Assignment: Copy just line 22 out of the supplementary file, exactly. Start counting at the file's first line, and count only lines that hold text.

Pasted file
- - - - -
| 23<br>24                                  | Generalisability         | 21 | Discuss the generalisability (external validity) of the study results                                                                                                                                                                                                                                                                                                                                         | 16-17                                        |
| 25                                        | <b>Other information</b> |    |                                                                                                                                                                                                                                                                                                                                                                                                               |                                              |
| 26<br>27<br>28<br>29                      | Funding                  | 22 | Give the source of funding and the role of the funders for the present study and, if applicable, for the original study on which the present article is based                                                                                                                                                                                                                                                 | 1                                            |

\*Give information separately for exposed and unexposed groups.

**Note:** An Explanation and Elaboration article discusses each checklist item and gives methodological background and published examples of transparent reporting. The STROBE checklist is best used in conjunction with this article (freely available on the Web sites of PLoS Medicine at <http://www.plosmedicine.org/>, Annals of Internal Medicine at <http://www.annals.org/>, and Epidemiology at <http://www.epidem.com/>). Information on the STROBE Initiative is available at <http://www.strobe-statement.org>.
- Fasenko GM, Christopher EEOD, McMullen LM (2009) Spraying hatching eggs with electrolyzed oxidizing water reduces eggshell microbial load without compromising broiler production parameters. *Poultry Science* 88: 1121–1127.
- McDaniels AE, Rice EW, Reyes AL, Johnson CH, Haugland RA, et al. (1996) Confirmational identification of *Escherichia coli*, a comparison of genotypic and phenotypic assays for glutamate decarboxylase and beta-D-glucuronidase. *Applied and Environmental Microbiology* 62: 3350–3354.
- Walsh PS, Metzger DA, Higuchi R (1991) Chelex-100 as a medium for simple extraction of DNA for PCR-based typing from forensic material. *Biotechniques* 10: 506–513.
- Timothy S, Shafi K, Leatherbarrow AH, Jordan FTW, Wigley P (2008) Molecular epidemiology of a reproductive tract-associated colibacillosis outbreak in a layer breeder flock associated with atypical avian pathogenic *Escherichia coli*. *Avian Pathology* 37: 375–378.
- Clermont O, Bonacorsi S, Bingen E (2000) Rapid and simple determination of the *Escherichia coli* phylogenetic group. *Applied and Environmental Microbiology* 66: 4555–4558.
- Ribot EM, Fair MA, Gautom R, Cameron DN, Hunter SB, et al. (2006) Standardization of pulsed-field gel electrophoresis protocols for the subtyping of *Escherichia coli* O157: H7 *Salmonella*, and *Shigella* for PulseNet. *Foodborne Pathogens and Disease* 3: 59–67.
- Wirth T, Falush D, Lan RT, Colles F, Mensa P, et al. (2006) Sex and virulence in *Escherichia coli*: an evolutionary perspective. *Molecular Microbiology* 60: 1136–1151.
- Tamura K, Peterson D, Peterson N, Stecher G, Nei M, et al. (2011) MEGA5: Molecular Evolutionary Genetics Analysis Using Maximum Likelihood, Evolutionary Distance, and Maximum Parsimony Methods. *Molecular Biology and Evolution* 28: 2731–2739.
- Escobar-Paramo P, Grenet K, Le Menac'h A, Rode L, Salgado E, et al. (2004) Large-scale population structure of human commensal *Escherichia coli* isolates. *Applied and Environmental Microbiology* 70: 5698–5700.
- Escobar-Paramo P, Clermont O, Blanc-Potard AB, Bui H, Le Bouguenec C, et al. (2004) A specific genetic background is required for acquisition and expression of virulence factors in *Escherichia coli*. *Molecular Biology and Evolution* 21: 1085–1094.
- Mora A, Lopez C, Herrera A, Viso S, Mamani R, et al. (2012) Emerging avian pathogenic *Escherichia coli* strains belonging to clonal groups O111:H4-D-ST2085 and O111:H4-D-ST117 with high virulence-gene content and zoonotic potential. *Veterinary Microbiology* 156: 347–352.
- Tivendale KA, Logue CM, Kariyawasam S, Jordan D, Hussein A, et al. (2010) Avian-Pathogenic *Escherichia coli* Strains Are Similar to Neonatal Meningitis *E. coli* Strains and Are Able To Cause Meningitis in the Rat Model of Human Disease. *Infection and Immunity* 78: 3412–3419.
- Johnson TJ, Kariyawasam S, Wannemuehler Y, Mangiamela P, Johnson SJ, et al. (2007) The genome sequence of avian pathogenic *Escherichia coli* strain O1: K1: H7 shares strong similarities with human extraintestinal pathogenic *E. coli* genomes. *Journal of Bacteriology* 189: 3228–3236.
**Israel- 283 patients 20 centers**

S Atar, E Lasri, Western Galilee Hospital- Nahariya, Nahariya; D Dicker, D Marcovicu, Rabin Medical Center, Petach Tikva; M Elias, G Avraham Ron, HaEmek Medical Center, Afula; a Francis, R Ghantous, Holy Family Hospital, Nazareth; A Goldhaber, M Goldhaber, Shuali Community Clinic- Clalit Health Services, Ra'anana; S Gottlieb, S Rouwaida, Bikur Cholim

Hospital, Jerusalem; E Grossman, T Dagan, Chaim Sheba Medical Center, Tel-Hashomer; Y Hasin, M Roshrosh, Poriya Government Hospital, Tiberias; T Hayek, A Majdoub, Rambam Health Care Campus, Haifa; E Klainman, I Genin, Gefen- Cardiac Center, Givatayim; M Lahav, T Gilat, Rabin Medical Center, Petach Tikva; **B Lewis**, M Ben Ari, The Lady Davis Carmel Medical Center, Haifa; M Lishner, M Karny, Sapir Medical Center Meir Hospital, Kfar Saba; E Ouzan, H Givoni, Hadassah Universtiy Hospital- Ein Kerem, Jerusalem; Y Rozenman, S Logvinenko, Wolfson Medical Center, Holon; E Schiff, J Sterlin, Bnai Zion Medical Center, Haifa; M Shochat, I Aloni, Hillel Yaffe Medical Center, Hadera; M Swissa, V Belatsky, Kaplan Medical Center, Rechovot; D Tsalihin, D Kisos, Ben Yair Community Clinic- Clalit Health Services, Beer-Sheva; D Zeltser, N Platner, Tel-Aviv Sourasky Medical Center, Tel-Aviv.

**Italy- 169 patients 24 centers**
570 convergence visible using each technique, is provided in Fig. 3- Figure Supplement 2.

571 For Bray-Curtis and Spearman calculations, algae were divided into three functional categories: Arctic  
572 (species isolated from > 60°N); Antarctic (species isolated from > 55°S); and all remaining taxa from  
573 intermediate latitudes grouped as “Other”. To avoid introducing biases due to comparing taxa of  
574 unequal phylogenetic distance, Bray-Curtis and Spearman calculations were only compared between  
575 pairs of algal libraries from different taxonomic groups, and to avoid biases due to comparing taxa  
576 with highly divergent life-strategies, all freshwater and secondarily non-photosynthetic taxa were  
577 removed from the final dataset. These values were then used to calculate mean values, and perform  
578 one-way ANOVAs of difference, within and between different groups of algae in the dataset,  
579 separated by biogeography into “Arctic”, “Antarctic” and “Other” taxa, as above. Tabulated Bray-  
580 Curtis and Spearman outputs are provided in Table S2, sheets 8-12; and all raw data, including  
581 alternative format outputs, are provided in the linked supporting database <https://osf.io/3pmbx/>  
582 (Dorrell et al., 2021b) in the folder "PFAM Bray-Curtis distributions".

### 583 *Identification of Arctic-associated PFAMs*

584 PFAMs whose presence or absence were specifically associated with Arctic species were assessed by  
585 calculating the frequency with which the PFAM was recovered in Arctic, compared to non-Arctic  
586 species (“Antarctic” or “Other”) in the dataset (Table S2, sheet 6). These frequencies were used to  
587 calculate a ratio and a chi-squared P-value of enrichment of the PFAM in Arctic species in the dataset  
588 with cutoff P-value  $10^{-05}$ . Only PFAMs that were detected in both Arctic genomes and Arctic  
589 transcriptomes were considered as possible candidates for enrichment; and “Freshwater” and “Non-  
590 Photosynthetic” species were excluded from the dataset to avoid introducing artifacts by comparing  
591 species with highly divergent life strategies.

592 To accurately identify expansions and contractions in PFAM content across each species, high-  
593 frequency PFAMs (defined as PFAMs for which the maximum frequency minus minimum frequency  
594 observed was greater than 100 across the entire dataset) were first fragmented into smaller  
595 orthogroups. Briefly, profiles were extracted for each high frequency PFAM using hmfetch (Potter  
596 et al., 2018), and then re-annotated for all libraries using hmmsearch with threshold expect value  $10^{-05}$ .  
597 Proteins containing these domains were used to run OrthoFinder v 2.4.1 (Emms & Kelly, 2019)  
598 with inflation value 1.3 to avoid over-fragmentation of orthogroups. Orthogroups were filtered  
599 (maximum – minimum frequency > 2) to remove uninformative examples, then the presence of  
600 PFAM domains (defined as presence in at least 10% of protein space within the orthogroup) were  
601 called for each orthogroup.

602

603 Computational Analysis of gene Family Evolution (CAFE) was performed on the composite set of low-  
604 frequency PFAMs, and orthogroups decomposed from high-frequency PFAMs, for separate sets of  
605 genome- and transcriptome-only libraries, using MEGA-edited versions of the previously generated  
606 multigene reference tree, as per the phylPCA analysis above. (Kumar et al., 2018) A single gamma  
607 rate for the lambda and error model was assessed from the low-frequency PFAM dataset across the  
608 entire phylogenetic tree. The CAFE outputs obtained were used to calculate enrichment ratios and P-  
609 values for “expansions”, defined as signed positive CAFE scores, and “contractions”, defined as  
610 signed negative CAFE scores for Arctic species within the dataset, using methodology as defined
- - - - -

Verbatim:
**Italy- 169 patients 24 centers**